08/26/2005 12:00AM

Some misguided trainers wind up playing to horses' weakness

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NEW YORK - "We are doing what's best for the horse" is a refrain that trips off the tongues of owners and trainers as easily as Triple Crown performers fall by the wayside. The horse's interests must always come first, we are led to believe, but you don't have to be from Missouri to take such sentiments with a grain of salt.

Recent trends suggest that some first-class racehorses are being asked to do things out of their range with the prime intention of increasing their value at stud. On the face of it, that might not sound like a bad idea, but in reality, running horses at distances over which they are not bred to run can be counterproductive in the long term.

A case in point is Doyen. Owned by Godolphin, an outfit that is usually as good as its word on matters of doing what is best for its horses, Doyen proved himself to be the best 12-furlong horse in the world last summer after a record-setting victory in the Hardwicke Stakes, followed by an impressive score in the King George VI and Queen Elizabeth Diamond Stakes.

His King George triumph marked the eighth time in succession that Doyen had run at 1 1/2 miles. Yet Godolphin dropped him back to 1 1/4 miles for his next two starts, only to see him finish seventh in both the Irish Champion and the Champion stakes. Doyen has never been the same since. Unplaced when stepped back up to 1 1/2 miles for his first two starts this year, he was dropped back to 1 5/16 miles for the Juddmonte International Stakes last time and finished a dull sixth. He is now a candidate for retirement.

Motivator may be a new Doyen in the making. By French Derby, Irish Derby, and Arc winner Montjeu out of a mare by staying influence Top Ville, Motivator established himself as the best 12-furlong horse of his generation when he won the Epsom Derby by five lengths. He was then dropped back to 1 1/4 miles to face older horses for the first time in the Eclipse Stakes. When Shamardal was withdrawn because of a career-ending injury, the Eclipse looked like easy pickings for Motivator. Bred as he is, however, to get 1 1/2 miles, Sandown's 10 furlongs proved too short for him and he was caught late by Oratorio. Trainer Michael Bell and his 230 owners at the Royal Ascot Racing Club may be compounding their error by sending him next in what looks like a very difficult Irish Champion Stakes, which at 1 1/4 miles has already proven to be below his preferred distance.

After Divine Proportions had won the 1 5/16-mile Prix de Diane, or French Oaks, on June 12, her trainer, Pascal Bary, and the Niarchos family's racing manager, Alan Cooper, speculated that this daughter of Kingmambo, who is out of a mare by Sadler's Wells, might go for the 1 1/2-mile Prix Vermeille. That Divine Proportions can stay farther than 1 1/4 miles was proven in the Diane. That Kingmambos can stay at least 12 furlongs, especially when helped along by stoutish female families, has been illustrated by Lemon Drop Kid in the Belmont Stakes, El Condor Pasa in the Grand Prix de Saint-Cloud, King Kamehameha in the Japanese Derby, and Rule of Law in the St. Leger. Cooper, however, expressed a disinclination to place Divine Proportions in the same division as Bago, the Niarchos family's Arc winner who is seeking a repeat victory in the great French 1 1/2-mile test.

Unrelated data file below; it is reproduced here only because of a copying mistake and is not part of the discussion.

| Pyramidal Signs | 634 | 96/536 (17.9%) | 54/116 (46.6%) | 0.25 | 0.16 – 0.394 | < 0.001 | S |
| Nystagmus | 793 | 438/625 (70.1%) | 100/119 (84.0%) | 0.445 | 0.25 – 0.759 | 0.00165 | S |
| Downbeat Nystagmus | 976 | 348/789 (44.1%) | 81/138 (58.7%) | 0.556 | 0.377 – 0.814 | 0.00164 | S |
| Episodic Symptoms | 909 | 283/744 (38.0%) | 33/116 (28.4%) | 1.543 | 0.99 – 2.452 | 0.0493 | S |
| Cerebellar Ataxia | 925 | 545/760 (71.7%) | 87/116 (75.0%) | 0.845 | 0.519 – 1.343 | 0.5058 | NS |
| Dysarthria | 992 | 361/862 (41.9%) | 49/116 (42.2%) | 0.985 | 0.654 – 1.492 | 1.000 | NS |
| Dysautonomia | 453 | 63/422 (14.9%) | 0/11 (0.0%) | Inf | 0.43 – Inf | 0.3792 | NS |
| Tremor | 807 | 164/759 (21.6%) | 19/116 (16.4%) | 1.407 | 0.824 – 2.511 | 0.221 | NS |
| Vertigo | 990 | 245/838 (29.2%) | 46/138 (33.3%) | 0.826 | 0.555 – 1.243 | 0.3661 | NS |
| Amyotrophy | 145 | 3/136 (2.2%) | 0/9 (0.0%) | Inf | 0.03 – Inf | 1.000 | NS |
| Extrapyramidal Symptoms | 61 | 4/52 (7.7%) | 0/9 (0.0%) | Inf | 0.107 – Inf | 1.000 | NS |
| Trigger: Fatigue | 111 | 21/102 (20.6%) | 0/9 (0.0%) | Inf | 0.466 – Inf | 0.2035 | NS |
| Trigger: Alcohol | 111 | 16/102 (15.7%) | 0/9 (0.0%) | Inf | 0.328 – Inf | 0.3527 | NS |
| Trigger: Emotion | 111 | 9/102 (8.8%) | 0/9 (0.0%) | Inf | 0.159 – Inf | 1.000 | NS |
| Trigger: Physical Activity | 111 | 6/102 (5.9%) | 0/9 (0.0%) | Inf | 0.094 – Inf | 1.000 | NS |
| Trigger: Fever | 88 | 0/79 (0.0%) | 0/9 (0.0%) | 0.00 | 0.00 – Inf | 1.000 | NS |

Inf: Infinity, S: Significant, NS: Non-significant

Thus, it was decided to drop Divine Proportions back to a mile, and while that was certainly a distance she can handle, normal procedure calls for a classic winner at 1 5/16 miles to continue racing at 1 1/4 miles or thereabouts, or step up to 1 1/2 miles.

Now Divine Proportions has been retired by a tendon injury she may have suffered while facing older colts for the first time in the one-mile Prix Jacques le Marois two weeks ago. Was it in her best interests to avoid a possible match with a stablemate in the Arc by being sent back to run at a mile, or would it have been better to keep her at the longer distances for which she seemed to be crying out?

These are all examples of running horses at shorter than their best. In America we are plagued by the opposite problem, i.e., running horses at distances beyond their natural ability.

It comes with the turf here, where we breed Thoroughbreds for speed, yet expect them to stay at between 1 3/16 miles and 1 1/2 miles to earn classic laurels. The roadblocks run into by Smarty Jones and Afleet Alex before their 3-year-old seasons were even half over can be laid in no small part to their having run consistently at distances beyond what their parentage had dictated. Enduring the knocks inflicted by racing on dirt tracks doesn't help today's spindly-legged American Thoroughbreds either, but every time a trainer oversees the injection of race-day Lasix or Butazolidin into one of his horses, he is hardly doing what is best for the animal.

So the next time you hear a trainer say he is doing what is best for his horse, tell him your name is Thomas. As in Doubting.